Archive

Posts Tagged ‘ww1’

Durham at War – Mapping the story of County Durham and its people in the First World War

November 8, 2014 3 comments

 

Mapping the Story of County Durham and its people in the First World War.

This is a First World War centenary project, supported by the Heritage Lottery Fund and run by the archive, museum and archaeology services at Durham County Council.

Durham at War is an interactive mapping website that will tell the story of County Durham and its people in the First World War. Launched on 10 September 2014, exactly one hundred years after the first Durham Light Infantry soldiers arrived in France with the British Expeditionary Force, the website will be live until the end of 2018. It will help to commemorate the role of Durham people at a momentous period in the county’s history. We hope that the website will act like a giant virtual jigsaw, making the links between the archives, objects and sites that survive today, and helping to uncover new stories about local communities 100 years ago.

From November members of the public will be able to log in to the website worldwide to add their own contributions and pin them to the interactive map. Until then please send information for the website by email.

This website is not designed to duplicate, rather to complement, existing web-based resources. It will use the interactive map to make the links between the rich diversity of information that is already available or is being developed online, and add new details from institutional and private collections that have never been accessible in a digital format before.

Throughout the centenary period project staff will run a series of research modules, training sessions and events to help volunteers explore relevant heritage collections in depth and publish their discoveries on the website.

via

Durham at War – Mapping the story of County Durham and its people in the First World War.

Categories: family, history Tags: , ,

Alfred Bates Turner

October 31, 2009 4 comments
I was wondering if you could give me some help regarding a resident of Ushaw Moor in 1917. Private Alfred Bates Turner was the Son of James and Eliza Turner, of 2 Broadgate Cottages, Flass Hall, Ushaw Moor, Broadgate, Co. Durham, he was serving with the Sherwood Foresters when he was killed at Houthulst Forest, nr. Elverdinghe, Belgium.
I was in Ypres last weekend attending a dedication of a Memorial Stone to The Foresters at Tyne Cot Cemetary, I was talking to a fellow W.F.A. (Western Front Association) Member from Belgium who told me they had the original headstone naming Private Turner and it would be nice if we could find any information out about Pte. Turner or if there were any living relations who we could make contact with, with regards to the headstone as we near the 100th anniversary of World War 1.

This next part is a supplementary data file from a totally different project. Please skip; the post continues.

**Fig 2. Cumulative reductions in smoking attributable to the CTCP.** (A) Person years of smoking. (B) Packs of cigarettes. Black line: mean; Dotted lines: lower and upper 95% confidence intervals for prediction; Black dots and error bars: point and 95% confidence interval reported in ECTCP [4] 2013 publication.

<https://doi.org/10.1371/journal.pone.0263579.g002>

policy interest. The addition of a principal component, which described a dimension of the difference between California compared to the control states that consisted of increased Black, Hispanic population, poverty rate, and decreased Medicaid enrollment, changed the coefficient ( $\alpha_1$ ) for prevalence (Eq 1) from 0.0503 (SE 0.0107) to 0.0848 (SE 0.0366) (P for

Could you tell me if Ushaw Moor has a W.W.1 memorial and is Pte Turner named, also any information that may lead to finding a relation would be gratefully received.
Yours
Lloyd Cartwright
W.F.A. Member
Categories: Requests Tags: , , ,

Did Many People Lead Better Lives Because Of WW1?

June 2, 2009 1 comment

Few people experienced an improvement in their lives as a direct result of war; weaponry, in isolation, achieved little more than death, or injury, or relief for those spared its lethal intent. However a case can be put that that many people experienced an improvement in their lives as a result of one or more of the social, economic, and political repercussions of war; assessing its magnitude is not straightforward and needs to be assessed in the longer term, in the light of considerable opportunity costs, with an eye on what might have been had war not occurred and by acknowledging the many restrictions on personal freedom represented by the Defence of the Realm Act.

It can be argued that the majority of people within the Home Front were able to take advantage, sooner or later, of one or more of the repercussions of war stated above and thus feel that they were living better lives. Three of the predominant groups [with some overlap] for consideration are: the workforce in general, young children, and women who gained the vote.

During World War One the law of supply and demand began to favour a large number of workers. The absence of many young men at war abroad, together with the restructuring of the economy onto a war footing, provided many new and often lucrative employment opportunities. Much existing heavy industry was stimulated by the need for war materials. The main gainers in this changed market brought about by war were the unskilled workers; on average their wages more than trebled during the period 1914-1918. The skilled workers were not far behind; most of them found that their wages had more than doubled.

Behind such wage increases there was much social, economic and political aggravation.  Most members of the working class were aware that labour shortages, and the urgent desire of the Government to ensure that war work progressed speedily, put them in an advantageous position. Trade unions were aware of it. There was a growing feeling within this class that its home conditions, and general standard of living, were very inferior to those of ‘superiors’.  They wanted, and largely got, improved wages; the weapon used to achieve it was strike action; there were a huge number of strikes and mandays lost as a result.
Read more…

Categories: Memories Tags: ,